Policy makers are undermining American families by failing to recognize that the 1950s family of breadwinning father and stay-at-home mother is no longer typical, a study by the Population Reference Bureau concludes.

"Indeed, family life in the 1990s will be marked by its diversity,", said the study.

Carol J. De Vita, a senior research demographer at the Washington-based private, nonprofit group and an author of the report, said that, though "family values" has been a recurring theme in the presidential campaign, the study did not look at particular legislation or proposals.

But in policy-making generally, she said, "the discussion focuses on the `traditional family."' In doing that "you're leaving out a lot of other people....What we need to do is broaden our view of what the family is."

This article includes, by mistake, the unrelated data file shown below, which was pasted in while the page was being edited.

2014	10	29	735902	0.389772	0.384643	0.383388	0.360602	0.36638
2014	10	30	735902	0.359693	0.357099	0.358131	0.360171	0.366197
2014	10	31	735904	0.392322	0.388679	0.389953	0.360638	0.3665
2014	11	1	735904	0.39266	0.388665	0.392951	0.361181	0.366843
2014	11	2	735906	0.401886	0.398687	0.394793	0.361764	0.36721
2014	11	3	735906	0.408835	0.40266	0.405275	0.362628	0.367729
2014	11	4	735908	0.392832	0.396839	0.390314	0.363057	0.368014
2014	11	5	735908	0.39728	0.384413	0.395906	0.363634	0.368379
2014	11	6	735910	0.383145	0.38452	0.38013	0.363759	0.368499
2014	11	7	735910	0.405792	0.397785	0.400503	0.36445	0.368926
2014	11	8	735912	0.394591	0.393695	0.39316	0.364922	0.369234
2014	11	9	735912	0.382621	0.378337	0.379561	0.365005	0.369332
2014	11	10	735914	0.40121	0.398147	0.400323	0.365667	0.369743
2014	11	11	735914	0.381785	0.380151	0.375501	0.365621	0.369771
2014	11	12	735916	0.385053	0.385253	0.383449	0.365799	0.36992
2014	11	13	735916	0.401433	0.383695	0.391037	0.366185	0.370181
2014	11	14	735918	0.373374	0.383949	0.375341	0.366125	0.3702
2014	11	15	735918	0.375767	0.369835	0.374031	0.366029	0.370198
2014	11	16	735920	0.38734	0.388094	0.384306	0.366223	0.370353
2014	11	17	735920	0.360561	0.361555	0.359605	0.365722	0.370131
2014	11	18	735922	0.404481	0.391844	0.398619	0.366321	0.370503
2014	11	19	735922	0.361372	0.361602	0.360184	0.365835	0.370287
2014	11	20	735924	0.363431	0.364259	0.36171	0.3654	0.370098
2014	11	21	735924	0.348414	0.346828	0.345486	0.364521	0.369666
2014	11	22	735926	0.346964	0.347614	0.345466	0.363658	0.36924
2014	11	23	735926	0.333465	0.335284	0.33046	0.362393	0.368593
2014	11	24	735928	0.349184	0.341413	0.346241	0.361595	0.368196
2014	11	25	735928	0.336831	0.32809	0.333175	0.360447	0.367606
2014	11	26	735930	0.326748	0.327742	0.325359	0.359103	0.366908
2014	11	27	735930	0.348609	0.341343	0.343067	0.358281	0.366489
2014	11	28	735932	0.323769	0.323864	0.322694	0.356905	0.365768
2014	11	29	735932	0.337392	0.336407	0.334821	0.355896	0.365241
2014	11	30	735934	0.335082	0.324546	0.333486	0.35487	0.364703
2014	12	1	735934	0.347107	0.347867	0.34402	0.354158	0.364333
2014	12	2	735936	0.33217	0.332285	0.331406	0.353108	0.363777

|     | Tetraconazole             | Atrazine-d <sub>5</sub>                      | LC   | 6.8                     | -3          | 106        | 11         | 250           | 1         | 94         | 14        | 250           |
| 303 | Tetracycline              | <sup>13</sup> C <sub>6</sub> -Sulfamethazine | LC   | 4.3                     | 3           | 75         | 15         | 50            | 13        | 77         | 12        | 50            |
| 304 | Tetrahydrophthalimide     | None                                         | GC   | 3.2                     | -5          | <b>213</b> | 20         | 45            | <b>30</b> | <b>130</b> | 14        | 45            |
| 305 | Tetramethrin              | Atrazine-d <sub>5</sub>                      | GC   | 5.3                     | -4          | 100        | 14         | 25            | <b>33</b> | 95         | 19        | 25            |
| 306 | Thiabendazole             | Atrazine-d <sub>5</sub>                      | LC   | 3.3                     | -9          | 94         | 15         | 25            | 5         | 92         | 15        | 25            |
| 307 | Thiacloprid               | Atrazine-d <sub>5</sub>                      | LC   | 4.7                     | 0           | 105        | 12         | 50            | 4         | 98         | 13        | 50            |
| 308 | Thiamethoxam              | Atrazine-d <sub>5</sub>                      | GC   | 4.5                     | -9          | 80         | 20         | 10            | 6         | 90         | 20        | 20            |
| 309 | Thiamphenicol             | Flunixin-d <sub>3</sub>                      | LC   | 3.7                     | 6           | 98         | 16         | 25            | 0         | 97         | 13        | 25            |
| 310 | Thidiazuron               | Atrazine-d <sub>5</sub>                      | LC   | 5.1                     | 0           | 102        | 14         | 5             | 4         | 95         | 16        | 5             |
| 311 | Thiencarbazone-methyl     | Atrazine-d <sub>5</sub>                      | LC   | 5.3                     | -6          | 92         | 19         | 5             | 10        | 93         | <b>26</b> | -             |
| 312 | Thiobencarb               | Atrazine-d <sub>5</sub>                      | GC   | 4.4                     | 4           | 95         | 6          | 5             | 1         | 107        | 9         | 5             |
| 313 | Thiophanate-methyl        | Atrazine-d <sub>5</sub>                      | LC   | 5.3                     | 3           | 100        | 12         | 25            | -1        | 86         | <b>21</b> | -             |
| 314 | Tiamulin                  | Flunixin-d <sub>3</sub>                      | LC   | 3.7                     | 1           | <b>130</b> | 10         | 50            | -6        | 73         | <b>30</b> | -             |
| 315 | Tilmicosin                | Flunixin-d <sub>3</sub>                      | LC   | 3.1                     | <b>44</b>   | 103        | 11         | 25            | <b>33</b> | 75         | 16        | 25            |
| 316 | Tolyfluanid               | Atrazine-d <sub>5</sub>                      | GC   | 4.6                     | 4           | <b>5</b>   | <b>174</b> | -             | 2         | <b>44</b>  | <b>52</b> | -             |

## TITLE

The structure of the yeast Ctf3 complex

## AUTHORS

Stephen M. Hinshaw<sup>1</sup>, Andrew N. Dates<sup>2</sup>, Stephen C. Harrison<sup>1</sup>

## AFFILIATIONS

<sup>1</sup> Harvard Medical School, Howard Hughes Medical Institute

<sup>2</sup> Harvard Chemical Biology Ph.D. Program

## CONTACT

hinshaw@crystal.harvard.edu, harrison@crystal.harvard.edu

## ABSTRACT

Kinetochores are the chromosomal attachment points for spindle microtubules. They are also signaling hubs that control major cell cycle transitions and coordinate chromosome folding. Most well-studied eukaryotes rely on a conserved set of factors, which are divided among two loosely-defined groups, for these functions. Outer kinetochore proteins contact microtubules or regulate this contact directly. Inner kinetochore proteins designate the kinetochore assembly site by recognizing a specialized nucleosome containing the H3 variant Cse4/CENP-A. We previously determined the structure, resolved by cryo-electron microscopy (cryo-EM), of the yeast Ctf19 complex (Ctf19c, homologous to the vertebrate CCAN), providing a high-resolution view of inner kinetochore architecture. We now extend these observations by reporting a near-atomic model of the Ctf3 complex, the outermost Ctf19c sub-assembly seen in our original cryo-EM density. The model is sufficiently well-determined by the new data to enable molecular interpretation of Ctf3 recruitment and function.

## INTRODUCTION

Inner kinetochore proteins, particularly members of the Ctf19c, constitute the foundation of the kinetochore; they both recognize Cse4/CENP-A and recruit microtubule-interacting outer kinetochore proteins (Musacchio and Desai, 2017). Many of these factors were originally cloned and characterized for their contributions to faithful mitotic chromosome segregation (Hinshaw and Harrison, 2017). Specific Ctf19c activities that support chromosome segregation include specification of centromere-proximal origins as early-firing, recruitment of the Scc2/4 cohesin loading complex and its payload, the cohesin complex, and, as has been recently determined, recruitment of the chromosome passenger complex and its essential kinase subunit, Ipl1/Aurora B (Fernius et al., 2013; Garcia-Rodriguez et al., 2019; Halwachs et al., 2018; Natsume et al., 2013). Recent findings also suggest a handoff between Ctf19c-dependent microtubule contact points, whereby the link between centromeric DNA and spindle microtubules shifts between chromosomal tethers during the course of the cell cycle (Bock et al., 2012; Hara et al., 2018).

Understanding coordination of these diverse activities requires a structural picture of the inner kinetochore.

Only 1 in 5 married couples with children now fits the 1950s stereotype, the study found.

About 36 percent of all American families are married couples with children, but a growing number of those are "blended" stepfamilies. Half of all Americans will live in stepfamilies by 2000, the report said.

Nearly 1 in 8 families was headed by a single parent last year, and that parent was five times more likely to be a woman.

About a quarter of all children lived with only one parent in 1991. That's double the percentage of 1970 and nearly three times that of 1960.

In 1991, the most common family unit was the married couple with no children living at home. They constituted 42 percent of the families, but they included couples in various situations - younger couples planning to have children, older couples whose children had left home, couples childless by choice, and others.

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